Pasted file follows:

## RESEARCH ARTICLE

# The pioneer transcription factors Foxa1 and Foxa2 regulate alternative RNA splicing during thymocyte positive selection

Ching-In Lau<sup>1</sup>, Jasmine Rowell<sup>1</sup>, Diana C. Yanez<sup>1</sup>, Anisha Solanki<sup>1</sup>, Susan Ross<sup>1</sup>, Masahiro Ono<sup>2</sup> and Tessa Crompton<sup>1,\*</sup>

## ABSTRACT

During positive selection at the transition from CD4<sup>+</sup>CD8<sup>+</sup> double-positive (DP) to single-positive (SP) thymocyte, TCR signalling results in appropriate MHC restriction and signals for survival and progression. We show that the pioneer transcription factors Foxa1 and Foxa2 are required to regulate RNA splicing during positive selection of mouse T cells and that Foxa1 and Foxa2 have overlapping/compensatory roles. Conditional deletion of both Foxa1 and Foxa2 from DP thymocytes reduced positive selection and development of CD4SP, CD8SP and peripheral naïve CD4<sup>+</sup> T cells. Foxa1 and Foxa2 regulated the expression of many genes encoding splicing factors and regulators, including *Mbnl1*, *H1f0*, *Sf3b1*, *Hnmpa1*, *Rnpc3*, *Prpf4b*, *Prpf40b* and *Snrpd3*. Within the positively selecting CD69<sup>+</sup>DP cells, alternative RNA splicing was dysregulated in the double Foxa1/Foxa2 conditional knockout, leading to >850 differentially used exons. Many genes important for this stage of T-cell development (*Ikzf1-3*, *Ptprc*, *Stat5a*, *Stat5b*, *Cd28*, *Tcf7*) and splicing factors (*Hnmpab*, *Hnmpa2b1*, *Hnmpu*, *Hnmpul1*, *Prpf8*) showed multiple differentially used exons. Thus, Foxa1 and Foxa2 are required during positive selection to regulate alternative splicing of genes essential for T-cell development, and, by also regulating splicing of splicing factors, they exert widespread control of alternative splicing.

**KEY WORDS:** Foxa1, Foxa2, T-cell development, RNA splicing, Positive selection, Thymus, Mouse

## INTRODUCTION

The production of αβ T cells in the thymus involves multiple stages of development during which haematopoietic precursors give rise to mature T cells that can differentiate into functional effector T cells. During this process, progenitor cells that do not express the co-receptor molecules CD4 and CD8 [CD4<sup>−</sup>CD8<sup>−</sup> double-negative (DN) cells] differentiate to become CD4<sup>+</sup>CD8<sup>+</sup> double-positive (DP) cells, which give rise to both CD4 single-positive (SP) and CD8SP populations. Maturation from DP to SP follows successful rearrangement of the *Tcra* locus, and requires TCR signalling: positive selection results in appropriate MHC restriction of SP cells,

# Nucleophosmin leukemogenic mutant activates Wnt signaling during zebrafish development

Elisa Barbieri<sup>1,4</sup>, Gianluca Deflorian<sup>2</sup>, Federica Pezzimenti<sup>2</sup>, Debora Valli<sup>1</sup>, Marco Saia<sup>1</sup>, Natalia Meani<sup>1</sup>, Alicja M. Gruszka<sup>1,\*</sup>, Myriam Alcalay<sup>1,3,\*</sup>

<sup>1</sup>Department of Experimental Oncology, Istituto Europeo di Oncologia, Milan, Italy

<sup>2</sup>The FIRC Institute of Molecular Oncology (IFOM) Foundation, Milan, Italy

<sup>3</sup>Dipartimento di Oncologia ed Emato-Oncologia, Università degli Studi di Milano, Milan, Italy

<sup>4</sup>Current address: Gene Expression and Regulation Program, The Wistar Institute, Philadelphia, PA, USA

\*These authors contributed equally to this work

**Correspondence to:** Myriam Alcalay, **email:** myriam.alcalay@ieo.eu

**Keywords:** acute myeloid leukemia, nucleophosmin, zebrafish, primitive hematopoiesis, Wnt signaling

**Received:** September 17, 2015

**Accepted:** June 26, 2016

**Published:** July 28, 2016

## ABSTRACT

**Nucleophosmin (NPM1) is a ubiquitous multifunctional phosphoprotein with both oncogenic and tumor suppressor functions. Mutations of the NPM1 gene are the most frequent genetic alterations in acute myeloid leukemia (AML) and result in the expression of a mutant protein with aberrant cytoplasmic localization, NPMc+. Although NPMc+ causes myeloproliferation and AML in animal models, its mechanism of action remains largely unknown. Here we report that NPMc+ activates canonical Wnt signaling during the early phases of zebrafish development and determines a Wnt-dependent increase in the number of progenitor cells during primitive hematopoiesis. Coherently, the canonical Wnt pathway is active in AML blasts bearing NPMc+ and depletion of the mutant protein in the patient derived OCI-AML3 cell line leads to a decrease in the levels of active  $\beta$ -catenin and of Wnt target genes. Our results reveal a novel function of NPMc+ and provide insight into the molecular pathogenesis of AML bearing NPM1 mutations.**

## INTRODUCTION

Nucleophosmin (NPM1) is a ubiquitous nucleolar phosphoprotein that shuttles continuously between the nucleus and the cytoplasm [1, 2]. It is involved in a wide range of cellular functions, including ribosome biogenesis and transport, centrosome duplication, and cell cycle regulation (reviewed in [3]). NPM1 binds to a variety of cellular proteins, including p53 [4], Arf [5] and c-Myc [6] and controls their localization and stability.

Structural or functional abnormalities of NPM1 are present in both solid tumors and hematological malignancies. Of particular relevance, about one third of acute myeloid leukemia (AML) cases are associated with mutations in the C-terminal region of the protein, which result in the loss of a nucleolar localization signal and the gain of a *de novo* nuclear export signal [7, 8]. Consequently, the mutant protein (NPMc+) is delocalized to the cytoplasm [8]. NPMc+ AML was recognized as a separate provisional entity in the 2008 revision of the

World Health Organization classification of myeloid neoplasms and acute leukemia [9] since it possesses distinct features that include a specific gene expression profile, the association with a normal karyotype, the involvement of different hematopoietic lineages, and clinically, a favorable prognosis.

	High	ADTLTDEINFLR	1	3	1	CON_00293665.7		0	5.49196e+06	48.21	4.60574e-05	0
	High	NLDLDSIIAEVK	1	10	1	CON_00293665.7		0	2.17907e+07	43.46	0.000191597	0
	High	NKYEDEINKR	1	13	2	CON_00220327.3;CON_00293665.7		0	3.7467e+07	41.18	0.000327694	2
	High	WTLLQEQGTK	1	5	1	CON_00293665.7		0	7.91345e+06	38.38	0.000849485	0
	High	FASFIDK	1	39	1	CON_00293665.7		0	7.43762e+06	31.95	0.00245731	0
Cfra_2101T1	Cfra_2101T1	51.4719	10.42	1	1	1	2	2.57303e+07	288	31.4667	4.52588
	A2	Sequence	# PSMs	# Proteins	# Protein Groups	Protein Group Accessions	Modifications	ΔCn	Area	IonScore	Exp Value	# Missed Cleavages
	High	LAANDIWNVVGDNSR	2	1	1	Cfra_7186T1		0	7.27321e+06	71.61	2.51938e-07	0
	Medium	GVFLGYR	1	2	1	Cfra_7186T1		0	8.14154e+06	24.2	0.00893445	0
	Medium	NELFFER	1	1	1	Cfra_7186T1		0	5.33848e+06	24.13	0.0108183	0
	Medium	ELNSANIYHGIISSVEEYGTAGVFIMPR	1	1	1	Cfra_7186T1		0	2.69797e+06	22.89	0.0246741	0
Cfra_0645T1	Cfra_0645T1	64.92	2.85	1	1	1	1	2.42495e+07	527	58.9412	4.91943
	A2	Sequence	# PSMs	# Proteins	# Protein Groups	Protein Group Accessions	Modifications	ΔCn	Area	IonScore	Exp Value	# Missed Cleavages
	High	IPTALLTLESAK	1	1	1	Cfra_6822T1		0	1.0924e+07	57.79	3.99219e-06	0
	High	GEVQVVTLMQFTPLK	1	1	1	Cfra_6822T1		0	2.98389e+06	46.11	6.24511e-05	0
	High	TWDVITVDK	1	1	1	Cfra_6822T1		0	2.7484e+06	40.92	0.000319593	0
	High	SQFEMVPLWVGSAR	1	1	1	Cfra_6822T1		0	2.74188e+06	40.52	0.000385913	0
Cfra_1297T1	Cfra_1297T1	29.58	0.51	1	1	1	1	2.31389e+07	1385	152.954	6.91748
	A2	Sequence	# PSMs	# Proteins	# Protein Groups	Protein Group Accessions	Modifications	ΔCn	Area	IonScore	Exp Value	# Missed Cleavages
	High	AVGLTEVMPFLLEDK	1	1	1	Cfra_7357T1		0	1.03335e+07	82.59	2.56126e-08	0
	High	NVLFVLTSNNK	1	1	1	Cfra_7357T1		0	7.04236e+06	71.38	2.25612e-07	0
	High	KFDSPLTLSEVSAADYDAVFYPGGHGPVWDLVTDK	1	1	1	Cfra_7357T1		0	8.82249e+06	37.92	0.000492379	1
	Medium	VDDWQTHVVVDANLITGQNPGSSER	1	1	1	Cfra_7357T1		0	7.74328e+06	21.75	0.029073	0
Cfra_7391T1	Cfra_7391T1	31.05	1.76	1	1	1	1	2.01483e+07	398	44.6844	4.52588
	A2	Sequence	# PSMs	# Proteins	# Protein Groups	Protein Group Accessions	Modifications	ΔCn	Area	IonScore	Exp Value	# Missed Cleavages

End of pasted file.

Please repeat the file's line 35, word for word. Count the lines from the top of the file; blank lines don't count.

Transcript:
	Medium	GVFLGYR	1	2	1	Cfra_7186T1		0	8.14154e+06	24.2	0.00893445	0